Ah, Christmas. The time when otherwise sane individuals turn holiday traditions — whether trendy or longstanding — into online warfare. Live tree versus faux. Decorations up pre-Thanksgiving versus post-turkey (check out THIS Facebook group). Santa or no Santa. (No, really.)
And then there’s the elf.
In the past week, I have seen more posts, articles, blogs and diatribes championing and railing against the Elf on the Shelf. Apparently, you’re either Team Pro-Elf or Team Anti-Elf; there’s no gray area. Where’s the middle ground? Where’s the room for friendly debate and discussion? Where are the people who can admit that, as with any topic, there are pieces of truth and salient points found in all arguments?
I’m calling a Christmas truce. We all need to kick up the Kenny G and chill.
And if you adopt — or continue — a holiday tradition in your house, simply remember why you’re doing it. Are you doing it because it makes you and/or your family happy? Does it create memories? Does it make you laugh, smile, come together? Do that.
Which is why, when we jumped on the Elf on the Shelf bandwagon, I tried to think of a way to make our Elf tradition both unique, anticipated and enduring. I wanted something that was fun for the adults, magical for the kids — and allowed the Elf to stick around, even after the kids have grown up.
Thus, What the Elf: The Starr Family Christmas Challenge, was born. We laid ground rules last year, are having a “soft launch” this year via my Instagram, and plan to do a full rollout in 2015.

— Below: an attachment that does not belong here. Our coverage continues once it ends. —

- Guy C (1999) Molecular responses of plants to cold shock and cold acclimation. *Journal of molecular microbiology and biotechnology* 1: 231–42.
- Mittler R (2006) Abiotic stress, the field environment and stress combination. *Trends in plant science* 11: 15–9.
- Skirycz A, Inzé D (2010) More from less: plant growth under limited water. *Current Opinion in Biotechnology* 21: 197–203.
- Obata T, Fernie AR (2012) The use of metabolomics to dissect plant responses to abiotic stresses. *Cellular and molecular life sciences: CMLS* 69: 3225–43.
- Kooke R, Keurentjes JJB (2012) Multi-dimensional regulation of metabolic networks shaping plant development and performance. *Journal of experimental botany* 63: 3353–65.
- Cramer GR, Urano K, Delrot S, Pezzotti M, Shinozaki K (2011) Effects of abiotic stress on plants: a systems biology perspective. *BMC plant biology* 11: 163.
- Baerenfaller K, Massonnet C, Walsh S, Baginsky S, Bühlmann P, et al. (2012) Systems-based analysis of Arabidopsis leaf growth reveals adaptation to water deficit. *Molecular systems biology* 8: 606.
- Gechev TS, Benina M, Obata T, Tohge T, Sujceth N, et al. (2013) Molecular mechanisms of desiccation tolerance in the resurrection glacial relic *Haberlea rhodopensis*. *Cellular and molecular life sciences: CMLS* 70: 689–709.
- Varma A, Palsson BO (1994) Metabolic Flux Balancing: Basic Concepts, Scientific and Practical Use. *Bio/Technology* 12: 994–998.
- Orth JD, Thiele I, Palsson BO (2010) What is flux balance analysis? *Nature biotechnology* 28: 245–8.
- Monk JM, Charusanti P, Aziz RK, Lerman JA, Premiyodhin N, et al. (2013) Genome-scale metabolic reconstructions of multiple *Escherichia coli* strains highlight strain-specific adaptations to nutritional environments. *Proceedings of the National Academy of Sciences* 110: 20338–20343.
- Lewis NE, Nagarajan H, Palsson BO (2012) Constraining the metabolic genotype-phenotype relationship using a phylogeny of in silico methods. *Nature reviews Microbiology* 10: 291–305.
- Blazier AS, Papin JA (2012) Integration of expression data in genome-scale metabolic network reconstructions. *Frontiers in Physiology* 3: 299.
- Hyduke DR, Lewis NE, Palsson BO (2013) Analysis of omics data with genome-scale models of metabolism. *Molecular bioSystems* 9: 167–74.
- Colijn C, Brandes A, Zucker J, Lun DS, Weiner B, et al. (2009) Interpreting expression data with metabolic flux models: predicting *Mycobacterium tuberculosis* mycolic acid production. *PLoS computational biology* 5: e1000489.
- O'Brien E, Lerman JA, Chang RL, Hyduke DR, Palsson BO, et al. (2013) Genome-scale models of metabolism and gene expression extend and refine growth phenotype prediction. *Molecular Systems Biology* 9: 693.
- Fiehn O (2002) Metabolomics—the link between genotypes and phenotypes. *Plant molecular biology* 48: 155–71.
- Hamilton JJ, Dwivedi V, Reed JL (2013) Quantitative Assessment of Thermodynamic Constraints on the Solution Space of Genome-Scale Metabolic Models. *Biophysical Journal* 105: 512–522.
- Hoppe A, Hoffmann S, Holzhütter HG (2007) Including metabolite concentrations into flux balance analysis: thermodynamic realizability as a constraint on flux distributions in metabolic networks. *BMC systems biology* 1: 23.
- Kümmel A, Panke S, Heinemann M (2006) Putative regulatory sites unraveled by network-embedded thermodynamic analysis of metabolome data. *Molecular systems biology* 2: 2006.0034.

It goes like this: The Elf arrives Dec. 1 and remains through Dec. 24. The mover of the elf — for now, my husband and I, but we plan to include the kids as they mature beyond Santa-magic years — alternates each evening. The first year, the first mover is determined by a coin toss. Going forward, the previous year’s challenge winner goes first. Photos will be posted each week, on Saturday evening, to Facebook and/or Instagram, with the balance posted on Christmas Eve. The person whose photos receive the most engagement (total of likes, shares and comments) wins a predetermined prize. Competitors are welcome to campaign among family and friends for support. The Elf arrives as a fun holiday visitor who does funny/nice things, not as a behavior-modification tool or a bribery tactic.
I use a printable calendar to plan out “my” Elf days for the month in advance — there are a ton of websites, blogs and Pinterest boards with inspiration, but I also think about what our son is into currently, what he would find funny, what quirks our house holds that we can play against, etc. My hope is that, in 20 years, we’ll be the family sitting around the table laughing about “That year when the elf did…”
Prefer to see everyone’s elves go down in a blazing yuletide fire? Fine by me. Let’s just have a little more roasting chestnuts, and a little less ranting, this season. Cheers!